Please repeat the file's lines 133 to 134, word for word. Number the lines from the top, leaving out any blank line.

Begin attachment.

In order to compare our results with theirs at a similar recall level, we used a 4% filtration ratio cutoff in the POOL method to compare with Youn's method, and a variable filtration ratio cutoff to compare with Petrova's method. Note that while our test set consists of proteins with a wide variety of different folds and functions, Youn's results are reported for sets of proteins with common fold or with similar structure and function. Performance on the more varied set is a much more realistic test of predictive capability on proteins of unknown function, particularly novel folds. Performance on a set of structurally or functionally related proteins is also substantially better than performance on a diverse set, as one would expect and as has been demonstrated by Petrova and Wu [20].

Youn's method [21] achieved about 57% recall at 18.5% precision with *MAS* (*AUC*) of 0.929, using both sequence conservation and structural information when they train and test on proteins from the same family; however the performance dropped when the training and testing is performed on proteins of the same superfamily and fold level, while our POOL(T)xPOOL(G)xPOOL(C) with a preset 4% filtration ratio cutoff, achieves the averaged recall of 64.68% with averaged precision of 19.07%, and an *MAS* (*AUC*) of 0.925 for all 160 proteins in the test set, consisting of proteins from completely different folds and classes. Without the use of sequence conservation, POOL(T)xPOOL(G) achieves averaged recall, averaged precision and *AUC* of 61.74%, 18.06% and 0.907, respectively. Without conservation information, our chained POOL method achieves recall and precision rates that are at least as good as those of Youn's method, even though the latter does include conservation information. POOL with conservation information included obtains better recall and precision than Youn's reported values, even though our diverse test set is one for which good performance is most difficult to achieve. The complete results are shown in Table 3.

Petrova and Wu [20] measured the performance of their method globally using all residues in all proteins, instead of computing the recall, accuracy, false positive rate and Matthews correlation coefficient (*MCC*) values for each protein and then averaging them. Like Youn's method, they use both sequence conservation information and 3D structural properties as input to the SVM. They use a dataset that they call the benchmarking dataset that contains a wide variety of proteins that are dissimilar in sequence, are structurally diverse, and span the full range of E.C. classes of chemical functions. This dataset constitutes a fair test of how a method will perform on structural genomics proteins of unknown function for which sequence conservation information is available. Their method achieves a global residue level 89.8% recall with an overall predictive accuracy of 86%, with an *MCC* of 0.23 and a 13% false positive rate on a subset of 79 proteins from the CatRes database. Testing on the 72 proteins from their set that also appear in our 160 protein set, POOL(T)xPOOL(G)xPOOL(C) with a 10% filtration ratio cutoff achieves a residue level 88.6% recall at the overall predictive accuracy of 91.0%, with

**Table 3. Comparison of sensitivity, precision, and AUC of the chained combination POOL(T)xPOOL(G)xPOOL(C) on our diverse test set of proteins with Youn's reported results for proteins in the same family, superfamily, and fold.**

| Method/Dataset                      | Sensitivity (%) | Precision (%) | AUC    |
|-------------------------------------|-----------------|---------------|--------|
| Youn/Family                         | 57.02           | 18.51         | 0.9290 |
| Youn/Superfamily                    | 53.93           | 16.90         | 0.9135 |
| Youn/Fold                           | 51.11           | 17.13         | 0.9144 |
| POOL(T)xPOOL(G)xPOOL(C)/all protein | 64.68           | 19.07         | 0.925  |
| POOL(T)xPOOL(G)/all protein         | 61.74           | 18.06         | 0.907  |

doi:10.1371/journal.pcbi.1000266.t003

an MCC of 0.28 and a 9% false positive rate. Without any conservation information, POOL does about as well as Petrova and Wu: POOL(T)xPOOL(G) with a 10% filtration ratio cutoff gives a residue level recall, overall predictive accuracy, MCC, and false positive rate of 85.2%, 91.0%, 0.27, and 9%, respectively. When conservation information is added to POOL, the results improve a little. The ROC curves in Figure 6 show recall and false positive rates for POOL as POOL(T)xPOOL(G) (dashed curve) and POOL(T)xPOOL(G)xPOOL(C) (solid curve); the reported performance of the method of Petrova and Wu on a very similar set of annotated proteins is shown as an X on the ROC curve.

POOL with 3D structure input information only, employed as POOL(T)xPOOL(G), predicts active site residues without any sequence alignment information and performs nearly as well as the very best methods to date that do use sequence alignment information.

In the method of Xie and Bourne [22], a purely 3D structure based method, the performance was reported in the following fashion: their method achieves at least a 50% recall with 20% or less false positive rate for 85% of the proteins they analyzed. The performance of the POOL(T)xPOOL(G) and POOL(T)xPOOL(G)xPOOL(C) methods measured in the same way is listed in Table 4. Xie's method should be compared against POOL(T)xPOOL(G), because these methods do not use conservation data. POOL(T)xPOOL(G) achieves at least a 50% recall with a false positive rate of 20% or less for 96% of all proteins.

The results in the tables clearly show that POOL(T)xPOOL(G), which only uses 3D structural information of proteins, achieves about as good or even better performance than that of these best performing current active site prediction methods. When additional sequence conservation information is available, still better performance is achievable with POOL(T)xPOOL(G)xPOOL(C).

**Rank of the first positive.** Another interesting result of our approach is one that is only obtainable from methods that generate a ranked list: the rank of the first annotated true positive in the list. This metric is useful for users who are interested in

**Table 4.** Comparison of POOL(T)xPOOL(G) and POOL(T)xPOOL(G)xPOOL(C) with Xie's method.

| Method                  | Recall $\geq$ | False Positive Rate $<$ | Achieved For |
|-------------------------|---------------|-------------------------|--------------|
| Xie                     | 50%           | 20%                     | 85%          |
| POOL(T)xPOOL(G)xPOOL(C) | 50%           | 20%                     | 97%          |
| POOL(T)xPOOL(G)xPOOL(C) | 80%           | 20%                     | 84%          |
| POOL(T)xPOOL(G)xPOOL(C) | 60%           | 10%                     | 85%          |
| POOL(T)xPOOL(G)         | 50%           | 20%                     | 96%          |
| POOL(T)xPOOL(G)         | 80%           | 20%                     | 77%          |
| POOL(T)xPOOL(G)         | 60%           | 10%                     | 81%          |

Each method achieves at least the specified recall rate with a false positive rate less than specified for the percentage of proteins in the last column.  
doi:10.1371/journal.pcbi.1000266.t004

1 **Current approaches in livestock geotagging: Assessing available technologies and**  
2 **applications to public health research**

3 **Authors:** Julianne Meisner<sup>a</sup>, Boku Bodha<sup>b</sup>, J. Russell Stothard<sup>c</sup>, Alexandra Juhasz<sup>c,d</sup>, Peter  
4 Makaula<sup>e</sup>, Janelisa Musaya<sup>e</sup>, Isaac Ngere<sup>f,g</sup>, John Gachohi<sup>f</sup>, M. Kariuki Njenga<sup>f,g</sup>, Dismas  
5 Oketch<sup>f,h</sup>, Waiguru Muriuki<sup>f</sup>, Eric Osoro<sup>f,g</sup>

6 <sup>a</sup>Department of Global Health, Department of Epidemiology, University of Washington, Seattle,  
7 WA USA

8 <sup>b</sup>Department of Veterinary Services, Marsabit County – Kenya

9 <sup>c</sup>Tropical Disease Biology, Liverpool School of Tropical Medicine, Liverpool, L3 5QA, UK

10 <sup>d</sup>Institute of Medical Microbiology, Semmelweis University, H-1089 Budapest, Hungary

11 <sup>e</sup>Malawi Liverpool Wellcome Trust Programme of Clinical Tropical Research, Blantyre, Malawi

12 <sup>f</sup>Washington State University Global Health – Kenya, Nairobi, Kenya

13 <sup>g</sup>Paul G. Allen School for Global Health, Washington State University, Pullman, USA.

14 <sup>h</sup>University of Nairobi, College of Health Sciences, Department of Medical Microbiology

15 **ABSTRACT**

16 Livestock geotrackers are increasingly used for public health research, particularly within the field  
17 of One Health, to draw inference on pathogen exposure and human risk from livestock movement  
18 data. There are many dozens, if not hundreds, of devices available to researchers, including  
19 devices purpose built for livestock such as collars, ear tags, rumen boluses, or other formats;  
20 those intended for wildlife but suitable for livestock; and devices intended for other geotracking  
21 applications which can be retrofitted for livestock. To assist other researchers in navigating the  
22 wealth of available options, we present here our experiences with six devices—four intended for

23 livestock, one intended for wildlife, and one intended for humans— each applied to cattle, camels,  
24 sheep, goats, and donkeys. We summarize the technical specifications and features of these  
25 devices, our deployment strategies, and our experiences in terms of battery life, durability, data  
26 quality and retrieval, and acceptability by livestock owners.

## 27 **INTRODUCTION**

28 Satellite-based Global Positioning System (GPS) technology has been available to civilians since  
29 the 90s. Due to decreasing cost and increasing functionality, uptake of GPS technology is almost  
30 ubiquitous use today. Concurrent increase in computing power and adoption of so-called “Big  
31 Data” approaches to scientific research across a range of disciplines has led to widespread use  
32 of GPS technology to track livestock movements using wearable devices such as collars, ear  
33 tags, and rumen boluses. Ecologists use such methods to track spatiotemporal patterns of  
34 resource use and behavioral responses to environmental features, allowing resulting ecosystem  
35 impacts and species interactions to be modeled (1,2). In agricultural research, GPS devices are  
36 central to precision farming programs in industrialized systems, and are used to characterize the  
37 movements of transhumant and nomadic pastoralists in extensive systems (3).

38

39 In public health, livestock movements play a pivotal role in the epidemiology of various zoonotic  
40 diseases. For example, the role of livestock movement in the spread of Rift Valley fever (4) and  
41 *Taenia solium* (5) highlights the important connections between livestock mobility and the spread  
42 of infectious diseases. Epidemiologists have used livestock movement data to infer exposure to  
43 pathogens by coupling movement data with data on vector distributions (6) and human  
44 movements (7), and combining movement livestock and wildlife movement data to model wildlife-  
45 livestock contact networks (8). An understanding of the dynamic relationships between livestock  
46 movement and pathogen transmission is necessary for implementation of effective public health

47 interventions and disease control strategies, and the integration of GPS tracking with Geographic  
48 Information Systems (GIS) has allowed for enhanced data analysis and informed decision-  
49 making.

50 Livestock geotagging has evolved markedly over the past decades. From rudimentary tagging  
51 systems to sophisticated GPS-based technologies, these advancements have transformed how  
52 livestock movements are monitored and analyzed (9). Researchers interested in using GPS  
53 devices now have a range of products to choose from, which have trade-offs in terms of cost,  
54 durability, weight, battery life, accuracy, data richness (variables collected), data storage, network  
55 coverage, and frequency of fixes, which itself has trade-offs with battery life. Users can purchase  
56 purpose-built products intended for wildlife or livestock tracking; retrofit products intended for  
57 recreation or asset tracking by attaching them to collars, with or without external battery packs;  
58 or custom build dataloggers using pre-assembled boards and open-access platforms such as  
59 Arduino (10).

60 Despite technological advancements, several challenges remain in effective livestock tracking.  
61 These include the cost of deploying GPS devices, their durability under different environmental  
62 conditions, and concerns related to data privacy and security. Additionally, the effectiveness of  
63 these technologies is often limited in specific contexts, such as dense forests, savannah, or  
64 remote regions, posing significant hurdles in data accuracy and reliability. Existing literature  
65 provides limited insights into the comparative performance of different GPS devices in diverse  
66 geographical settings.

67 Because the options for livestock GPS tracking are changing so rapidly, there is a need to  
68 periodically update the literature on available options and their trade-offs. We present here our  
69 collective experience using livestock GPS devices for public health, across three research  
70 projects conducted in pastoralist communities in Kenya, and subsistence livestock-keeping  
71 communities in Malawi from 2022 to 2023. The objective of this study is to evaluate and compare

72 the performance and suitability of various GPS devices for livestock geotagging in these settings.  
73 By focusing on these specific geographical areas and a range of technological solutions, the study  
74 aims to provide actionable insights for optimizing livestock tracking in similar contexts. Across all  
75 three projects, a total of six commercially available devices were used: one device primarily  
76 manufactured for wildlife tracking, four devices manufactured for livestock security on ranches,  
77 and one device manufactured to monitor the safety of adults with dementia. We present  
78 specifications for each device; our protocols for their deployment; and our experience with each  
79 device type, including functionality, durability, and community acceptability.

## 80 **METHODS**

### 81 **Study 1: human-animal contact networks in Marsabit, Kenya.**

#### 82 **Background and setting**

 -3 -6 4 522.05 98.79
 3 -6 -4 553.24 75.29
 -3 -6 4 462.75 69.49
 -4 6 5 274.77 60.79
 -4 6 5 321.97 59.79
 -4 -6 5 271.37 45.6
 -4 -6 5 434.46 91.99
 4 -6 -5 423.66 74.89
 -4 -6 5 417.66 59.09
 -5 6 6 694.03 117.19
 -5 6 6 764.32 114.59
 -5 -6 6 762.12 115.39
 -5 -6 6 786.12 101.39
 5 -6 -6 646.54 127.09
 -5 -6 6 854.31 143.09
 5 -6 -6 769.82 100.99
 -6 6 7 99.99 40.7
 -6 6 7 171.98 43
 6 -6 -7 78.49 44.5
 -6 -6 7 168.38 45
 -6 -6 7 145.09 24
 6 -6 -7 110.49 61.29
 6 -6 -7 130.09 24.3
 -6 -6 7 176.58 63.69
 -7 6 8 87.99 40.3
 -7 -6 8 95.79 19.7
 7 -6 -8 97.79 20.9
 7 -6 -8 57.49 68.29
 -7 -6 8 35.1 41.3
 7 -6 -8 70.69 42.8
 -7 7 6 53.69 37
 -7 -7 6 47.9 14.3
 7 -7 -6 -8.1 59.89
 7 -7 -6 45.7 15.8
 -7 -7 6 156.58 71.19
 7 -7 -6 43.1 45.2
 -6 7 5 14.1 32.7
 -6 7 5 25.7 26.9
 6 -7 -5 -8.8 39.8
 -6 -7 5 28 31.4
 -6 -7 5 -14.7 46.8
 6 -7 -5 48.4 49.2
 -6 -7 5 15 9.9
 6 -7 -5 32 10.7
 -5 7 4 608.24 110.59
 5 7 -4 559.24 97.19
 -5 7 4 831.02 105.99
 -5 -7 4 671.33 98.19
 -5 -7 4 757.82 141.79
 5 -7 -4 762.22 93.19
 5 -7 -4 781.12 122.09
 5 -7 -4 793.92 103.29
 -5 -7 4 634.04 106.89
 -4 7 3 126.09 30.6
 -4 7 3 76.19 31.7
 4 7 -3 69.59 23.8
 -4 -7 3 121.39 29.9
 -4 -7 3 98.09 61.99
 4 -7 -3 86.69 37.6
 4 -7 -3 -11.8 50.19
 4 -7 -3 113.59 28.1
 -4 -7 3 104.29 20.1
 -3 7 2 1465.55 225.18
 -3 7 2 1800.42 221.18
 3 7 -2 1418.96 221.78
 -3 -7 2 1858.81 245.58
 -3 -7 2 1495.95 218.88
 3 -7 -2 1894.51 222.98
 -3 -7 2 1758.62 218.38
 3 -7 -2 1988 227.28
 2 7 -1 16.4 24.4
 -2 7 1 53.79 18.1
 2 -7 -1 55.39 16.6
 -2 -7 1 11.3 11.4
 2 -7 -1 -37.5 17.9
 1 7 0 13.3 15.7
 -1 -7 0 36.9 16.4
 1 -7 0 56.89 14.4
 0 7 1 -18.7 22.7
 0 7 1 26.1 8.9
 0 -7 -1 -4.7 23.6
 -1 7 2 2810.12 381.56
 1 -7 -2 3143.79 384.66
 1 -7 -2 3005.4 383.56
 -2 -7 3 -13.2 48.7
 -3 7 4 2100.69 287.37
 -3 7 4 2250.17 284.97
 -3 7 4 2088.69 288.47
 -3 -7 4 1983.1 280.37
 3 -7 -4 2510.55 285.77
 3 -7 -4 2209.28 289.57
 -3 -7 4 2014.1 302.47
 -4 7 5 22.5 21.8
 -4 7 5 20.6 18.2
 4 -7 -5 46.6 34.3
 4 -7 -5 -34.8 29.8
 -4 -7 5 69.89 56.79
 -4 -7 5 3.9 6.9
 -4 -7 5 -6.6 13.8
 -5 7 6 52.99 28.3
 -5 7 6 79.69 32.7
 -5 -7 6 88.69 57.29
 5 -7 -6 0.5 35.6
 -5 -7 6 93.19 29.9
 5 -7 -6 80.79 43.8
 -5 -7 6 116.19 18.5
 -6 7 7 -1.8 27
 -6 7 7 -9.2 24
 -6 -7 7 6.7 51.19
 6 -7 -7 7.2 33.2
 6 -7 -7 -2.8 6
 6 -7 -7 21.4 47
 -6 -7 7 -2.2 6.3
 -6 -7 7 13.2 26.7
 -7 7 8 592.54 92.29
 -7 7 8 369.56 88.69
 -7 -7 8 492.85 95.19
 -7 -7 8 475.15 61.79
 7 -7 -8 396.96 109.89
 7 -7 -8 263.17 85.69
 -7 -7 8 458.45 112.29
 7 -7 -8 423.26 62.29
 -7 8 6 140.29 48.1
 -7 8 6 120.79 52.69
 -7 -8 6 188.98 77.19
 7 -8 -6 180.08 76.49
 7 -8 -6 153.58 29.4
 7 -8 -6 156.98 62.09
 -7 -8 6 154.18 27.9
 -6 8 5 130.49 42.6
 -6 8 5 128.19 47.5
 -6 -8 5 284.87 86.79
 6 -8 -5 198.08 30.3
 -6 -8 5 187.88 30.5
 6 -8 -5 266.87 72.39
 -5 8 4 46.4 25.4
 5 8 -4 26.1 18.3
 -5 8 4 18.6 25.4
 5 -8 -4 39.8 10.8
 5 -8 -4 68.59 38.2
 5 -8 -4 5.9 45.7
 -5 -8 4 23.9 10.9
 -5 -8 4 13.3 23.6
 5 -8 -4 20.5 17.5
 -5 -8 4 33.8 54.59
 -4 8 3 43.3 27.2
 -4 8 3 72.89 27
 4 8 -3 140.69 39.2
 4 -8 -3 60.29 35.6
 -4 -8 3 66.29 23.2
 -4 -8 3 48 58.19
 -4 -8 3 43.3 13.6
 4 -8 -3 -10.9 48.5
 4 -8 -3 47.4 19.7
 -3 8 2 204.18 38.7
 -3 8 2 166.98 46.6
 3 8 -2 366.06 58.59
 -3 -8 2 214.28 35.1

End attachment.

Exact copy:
 6 -6 -7 110.49 61.29
 6 -6 -7 130.09 24.3